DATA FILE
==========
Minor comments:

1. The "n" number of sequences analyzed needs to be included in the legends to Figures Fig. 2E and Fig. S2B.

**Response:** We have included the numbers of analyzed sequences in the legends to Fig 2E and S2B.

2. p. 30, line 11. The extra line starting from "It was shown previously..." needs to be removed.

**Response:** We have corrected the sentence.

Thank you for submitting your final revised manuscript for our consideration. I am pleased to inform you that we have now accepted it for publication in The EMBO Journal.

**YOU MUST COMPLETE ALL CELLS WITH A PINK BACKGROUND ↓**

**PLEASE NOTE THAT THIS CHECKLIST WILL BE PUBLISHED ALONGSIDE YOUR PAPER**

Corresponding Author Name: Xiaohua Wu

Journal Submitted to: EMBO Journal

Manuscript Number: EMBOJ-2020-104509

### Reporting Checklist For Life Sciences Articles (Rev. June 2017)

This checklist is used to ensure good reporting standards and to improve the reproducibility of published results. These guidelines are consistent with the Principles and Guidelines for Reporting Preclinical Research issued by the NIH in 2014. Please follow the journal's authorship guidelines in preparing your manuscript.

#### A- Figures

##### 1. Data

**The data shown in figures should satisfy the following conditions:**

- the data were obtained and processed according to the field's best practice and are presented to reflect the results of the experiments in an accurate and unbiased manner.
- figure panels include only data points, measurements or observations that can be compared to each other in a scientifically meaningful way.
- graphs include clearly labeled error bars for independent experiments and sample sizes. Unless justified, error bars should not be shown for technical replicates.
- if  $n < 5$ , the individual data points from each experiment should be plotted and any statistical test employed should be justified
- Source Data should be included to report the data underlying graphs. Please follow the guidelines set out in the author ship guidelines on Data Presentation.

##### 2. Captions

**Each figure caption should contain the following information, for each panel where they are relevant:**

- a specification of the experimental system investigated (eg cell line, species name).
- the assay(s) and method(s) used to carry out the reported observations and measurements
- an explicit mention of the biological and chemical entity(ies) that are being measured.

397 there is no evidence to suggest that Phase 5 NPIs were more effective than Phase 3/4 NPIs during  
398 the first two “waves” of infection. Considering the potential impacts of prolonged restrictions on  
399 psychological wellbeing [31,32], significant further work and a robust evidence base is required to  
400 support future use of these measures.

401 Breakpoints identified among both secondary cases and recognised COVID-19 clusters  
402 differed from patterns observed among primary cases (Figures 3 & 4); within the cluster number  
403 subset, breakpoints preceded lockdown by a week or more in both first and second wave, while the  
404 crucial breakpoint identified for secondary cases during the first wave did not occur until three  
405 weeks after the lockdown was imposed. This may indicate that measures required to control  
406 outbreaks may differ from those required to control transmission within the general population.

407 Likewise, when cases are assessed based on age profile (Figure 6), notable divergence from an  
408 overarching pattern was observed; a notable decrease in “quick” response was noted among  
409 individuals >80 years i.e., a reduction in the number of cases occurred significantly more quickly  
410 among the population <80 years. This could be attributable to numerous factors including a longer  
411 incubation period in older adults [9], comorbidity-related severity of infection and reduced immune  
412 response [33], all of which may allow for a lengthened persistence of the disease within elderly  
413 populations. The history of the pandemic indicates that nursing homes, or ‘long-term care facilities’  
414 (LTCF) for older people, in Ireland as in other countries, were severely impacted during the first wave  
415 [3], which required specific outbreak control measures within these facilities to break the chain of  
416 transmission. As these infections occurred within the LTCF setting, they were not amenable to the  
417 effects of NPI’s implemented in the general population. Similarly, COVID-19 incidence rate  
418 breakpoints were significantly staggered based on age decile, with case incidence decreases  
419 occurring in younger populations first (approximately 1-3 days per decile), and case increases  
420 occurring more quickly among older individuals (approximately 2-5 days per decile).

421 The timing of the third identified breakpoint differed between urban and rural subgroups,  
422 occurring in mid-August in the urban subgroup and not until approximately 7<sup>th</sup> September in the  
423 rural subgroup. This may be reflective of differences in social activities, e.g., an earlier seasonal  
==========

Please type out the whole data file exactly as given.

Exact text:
Minor comments:

1. The "n" number of sequences analyzed needs to be included in the legends to Figures Fig. 2E and Fig. S2B.

**Response:** We have included the numbers of analyzed sequences in the legends to Fig 2E and S2B.

2. p. 30, line 11. The extra line starting from "It was shown previously..." needs to be removed.

**Response:** We have corrected the sentence.

Thank you for submitting your final revised manuscript for our consideration. I am pleased to inform you that we have now accepted it for publication in The EMBO Journal.

**YOU MUST COMPLETE ALL CELLS WITH A PINK BACKGROUND ↓**

**PLEASE NOTE THAT THIS CHECKLIST WILL BE PUBLISHED ALONGSIDE YOUR PAPER**

Corresponding Author Name: Xiaohua Wu

Journal Submitted to: EMBO Journal

Manuscript Number: EMBOJ-2020-104509

### Reporting Checklist For Life Sciences Articles (Rev. June 2017)

This checklist is used to ensure good reporting standards and to improve the reproducibility of published results. These guidelines are consistent with the Principles and Guidelines for Reporting Preclinical Research issued by the NIH in 2014. Please follow the journal's authorship guidelines in preparing your manuscript.

#### A- Figures

##### 1. Data

**The data shown in figures should satisfy the following conditions:**

- the data were obtained and processed according to the field's best practice and are presented to reflect the results of the experiments in an accurate and unbiased manner.
- figure panels include only data points, measurements or observations that can be compared to each other in a scientifically meaningful way.
- graphs include clearly labeled error bars for independent experiments and sample sizes. Unless justified, error bars should not be shown for technical replicates.
- if  $n < 5$ , the individual data points from each experiment should be plotted and any statistical test employed should be justified
- Source Data should be included to report the data underlying graphs. Please follow the guidelines set out in the author ship guidelines on Data Presentation.

##### 2. Captions

**Each figure caption should contain the following information, for each panel where they are relevant:**

- a specification of the experimental system investigated (eg cell line, species name).
- the assay(s) and method(s) used to carry out the reported observations and measurements
- an explicit mention of the biological and chemical entity(ies) that are being measured.

397 there is no evidence to suggest that Phase 5 NPIs were more effective than Phase 3/4 NPIs during  
398 the first two “waves” of infection. Considering the potential impacts of prolonged restrictions on  
399 psychological wellbeing [31,32], significant further work and a robust evidence base is required to  
400 support future use of these measures.

401 Breakpoints identified among both secondary cases and recognised COVID-19 clusters  
402 differed from patterns observed among primary cases (Figures 3 & 4); within the cluster number  
403 subset, breakpoints preceded lockdown by a week or more in both first and second wave, while the  
404 crucial breakpoint identified for secondary cases during the first wave did not occur until three  
405 weeks after the lockdown was imposed. This may indicate that measures required to control  
406 outbreaks may differ from those required to control transmission within the general population.

407 Likewise, when cases are assessed based on age profile (Figure 6), notable divergence from an  
408 overarching pattern was observed; a notable decrease in “quick” response was noted among  
409 individuals >80 years i.e., a reduction in the number of cases occurred significantly more quickly  
410 among the population <80 years. This could be attributable to numerous factors including a longer  
411 incubation period in older adults [9], comorbidity-related severity of infection and reduced immune  
412 response [33], all of which may allow for a lengthened persistence of the disease within elderly  
413 populations. The history of the pandemic indicates that nursing homes, or ‘long-term care facilities’  
414 (LTCF) for older people, in Ireland as in other countries, were severely impacted during the first wave  
415 [3], which required specific outbreak control measures within these facilities to break the chain of  
416 transmission. As these infections occurred within the LTCF setting, they were not amenable to the  
417 effects of NPI’s implemented in the general population. Similarly, COVID-19 incidence rate  
418 breakpoints were significantly staggered based on age decile, with case incidence decreases  
419 occurring in younger populations first (approximately 1-3 days per decile), and case increases  
420 occurring more quickly among older individuals (approximately 2-5 days per decile).

421 The timing of the third identified breakpoint differed between urban and rural subgroups,  
422 occurring in mid-August in the urban subgroup and not until approximately 7<sup>th</sup> September in the  
423 rural subgroup. This may be reflective of differences in social activities, e.g., an earlier seasonal  